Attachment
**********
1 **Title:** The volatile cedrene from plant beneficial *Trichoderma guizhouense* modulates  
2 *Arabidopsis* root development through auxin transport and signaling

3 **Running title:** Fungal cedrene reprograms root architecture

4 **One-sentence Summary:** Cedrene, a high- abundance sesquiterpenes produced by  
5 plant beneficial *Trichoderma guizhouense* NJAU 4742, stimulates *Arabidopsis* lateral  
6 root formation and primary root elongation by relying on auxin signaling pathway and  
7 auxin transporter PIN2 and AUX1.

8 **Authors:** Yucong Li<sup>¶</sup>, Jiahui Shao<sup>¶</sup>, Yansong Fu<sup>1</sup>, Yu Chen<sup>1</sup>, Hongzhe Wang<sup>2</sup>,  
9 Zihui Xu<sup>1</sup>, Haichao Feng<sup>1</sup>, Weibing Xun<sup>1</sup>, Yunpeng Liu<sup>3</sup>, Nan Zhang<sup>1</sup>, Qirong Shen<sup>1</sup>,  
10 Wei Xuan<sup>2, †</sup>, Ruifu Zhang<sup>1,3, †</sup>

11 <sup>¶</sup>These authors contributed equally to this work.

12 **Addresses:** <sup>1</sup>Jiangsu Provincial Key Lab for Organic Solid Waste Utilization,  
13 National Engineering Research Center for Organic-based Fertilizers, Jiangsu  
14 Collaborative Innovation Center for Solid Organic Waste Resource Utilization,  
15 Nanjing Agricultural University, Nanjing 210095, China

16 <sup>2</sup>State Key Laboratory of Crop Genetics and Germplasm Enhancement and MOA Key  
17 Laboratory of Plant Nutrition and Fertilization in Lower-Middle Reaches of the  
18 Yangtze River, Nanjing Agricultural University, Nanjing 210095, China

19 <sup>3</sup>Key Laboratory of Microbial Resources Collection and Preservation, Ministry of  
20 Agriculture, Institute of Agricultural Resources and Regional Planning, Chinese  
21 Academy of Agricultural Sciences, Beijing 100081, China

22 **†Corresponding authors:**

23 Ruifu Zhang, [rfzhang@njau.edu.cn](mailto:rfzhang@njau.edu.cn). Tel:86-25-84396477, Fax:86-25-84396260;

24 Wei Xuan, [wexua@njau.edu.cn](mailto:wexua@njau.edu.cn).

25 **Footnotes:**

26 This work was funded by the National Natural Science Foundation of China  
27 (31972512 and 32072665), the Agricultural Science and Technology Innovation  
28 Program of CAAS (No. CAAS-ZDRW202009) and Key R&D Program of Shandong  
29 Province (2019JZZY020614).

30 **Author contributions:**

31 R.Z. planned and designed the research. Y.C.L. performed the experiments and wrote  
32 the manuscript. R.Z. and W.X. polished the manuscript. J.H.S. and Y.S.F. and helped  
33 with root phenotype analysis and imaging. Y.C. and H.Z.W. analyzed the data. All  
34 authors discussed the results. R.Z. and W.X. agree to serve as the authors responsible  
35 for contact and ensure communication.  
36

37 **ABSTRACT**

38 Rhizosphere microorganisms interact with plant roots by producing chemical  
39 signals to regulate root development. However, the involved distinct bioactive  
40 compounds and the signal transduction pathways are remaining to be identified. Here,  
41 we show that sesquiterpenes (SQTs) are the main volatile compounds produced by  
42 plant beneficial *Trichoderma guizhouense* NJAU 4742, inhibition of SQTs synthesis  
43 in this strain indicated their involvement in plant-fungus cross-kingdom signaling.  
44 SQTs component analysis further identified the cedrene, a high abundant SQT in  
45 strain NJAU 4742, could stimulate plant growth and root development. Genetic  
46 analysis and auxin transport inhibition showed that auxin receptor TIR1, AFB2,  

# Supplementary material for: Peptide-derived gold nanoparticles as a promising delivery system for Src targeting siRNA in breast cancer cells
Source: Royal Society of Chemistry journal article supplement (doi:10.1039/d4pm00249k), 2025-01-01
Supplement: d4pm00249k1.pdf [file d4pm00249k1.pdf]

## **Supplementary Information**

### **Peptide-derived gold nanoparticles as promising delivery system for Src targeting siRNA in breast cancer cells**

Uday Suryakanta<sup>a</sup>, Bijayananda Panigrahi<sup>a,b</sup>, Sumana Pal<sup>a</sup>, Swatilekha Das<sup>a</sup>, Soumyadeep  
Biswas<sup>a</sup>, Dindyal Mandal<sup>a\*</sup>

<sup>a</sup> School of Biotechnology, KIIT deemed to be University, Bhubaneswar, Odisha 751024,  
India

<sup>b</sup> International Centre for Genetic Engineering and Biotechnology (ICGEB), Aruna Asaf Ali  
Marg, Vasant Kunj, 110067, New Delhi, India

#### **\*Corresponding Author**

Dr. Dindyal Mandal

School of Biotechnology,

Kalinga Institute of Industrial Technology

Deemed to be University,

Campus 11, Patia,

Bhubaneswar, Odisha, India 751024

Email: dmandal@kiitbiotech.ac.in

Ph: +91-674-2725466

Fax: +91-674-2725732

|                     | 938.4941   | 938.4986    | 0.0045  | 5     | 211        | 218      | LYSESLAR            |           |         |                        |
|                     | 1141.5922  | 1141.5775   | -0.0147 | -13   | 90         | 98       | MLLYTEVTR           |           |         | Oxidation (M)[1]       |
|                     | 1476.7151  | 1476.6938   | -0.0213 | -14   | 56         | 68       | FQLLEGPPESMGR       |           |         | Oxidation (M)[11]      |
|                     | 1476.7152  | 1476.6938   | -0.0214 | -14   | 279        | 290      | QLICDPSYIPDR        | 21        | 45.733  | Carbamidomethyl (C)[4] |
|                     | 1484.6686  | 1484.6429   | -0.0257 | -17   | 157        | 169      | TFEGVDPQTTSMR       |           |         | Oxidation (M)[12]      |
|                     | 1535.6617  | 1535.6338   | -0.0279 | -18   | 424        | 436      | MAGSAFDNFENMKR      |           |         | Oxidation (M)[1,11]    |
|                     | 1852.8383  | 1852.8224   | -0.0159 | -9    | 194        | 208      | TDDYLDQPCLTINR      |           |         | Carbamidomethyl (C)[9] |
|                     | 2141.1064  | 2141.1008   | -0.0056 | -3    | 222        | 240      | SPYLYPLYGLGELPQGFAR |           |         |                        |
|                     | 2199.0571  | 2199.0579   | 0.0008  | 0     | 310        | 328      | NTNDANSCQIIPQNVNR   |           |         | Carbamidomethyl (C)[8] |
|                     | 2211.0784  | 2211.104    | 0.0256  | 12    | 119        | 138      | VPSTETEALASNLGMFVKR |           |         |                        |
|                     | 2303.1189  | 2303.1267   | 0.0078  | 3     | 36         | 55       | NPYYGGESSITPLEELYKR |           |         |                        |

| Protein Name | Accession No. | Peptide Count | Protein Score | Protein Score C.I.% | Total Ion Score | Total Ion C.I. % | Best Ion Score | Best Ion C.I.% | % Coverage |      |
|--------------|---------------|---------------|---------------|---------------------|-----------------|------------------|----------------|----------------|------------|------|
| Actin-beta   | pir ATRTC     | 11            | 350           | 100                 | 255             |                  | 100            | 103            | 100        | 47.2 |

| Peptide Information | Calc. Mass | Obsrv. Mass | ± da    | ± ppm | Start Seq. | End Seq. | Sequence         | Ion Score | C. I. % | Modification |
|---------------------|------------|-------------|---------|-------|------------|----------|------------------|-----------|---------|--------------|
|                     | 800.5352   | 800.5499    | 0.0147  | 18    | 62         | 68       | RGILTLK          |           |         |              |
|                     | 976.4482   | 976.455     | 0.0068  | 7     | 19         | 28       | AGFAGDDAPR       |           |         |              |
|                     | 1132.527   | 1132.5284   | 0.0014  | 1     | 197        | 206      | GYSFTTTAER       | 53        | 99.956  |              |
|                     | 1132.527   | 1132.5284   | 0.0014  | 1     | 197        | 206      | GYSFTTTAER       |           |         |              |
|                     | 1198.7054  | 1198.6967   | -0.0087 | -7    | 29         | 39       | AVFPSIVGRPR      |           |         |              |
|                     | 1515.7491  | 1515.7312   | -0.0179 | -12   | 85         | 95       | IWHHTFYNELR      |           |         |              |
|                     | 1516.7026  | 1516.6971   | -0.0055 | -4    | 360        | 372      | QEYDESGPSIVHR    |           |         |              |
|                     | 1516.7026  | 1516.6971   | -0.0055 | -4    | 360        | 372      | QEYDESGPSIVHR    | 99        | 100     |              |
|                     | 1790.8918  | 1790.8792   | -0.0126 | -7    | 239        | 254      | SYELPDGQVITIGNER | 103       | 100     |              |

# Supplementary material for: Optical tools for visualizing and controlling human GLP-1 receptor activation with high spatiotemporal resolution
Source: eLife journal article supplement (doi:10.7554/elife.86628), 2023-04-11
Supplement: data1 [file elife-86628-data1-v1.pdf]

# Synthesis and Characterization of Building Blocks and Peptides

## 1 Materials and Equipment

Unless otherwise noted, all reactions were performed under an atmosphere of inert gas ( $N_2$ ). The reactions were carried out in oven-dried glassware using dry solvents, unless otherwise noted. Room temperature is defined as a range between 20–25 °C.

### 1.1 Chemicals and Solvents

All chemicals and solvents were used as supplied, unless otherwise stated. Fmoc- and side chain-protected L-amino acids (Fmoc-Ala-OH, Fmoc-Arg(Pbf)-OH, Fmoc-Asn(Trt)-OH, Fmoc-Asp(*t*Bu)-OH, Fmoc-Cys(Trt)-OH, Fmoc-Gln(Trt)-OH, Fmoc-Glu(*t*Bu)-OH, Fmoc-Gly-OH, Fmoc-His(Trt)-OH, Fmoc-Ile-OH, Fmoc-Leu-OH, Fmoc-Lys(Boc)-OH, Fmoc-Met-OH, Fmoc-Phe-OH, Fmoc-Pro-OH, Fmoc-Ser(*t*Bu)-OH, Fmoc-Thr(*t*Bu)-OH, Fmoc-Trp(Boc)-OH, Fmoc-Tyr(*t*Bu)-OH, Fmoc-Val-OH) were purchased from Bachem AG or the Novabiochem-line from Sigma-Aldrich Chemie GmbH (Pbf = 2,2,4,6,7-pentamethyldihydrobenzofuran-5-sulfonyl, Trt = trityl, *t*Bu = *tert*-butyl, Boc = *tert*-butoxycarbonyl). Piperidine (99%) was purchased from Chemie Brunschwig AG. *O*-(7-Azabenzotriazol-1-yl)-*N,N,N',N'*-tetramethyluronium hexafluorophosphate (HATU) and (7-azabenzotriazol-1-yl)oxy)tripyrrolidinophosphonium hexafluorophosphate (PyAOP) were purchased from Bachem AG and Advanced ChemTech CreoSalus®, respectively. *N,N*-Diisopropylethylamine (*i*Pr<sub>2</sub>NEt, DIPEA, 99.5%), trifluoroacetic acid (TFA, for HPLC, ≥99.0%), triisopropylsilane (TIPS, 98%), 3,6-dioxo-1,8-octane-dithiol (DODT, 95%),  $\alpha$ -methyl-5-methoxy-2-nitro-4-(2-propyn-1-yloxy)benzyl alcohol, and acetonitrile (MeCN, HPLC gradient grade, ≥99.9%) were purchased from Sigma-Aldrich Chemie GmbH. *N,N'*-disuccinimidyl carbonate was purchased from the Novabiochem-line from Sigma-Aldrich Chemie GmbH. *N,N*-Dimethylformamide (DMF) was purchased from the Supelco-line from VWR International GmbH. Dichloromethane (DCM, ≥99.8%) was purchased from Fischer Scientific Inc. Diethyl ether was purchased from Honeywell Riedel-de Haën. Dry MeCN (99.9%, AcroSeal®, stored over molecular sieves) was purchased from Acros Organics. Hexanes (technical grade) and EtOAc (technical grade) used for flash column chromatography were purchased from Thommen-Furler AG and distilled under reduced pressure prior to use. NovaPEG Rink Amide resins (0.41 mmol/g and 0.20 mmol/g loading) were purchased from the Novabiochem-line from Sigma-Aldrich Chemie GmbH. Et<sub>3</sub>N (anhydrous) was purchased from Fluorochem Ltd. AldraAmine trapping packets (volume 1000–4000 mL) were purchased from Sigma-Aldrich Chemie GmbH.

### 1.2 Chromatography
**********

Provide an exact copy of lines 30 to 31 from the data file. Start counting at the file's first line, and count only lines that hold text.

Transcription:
30 **Author contributions:**

31 R.Z. planned and designed the research. Y.C.L. performed the experiments and wrote  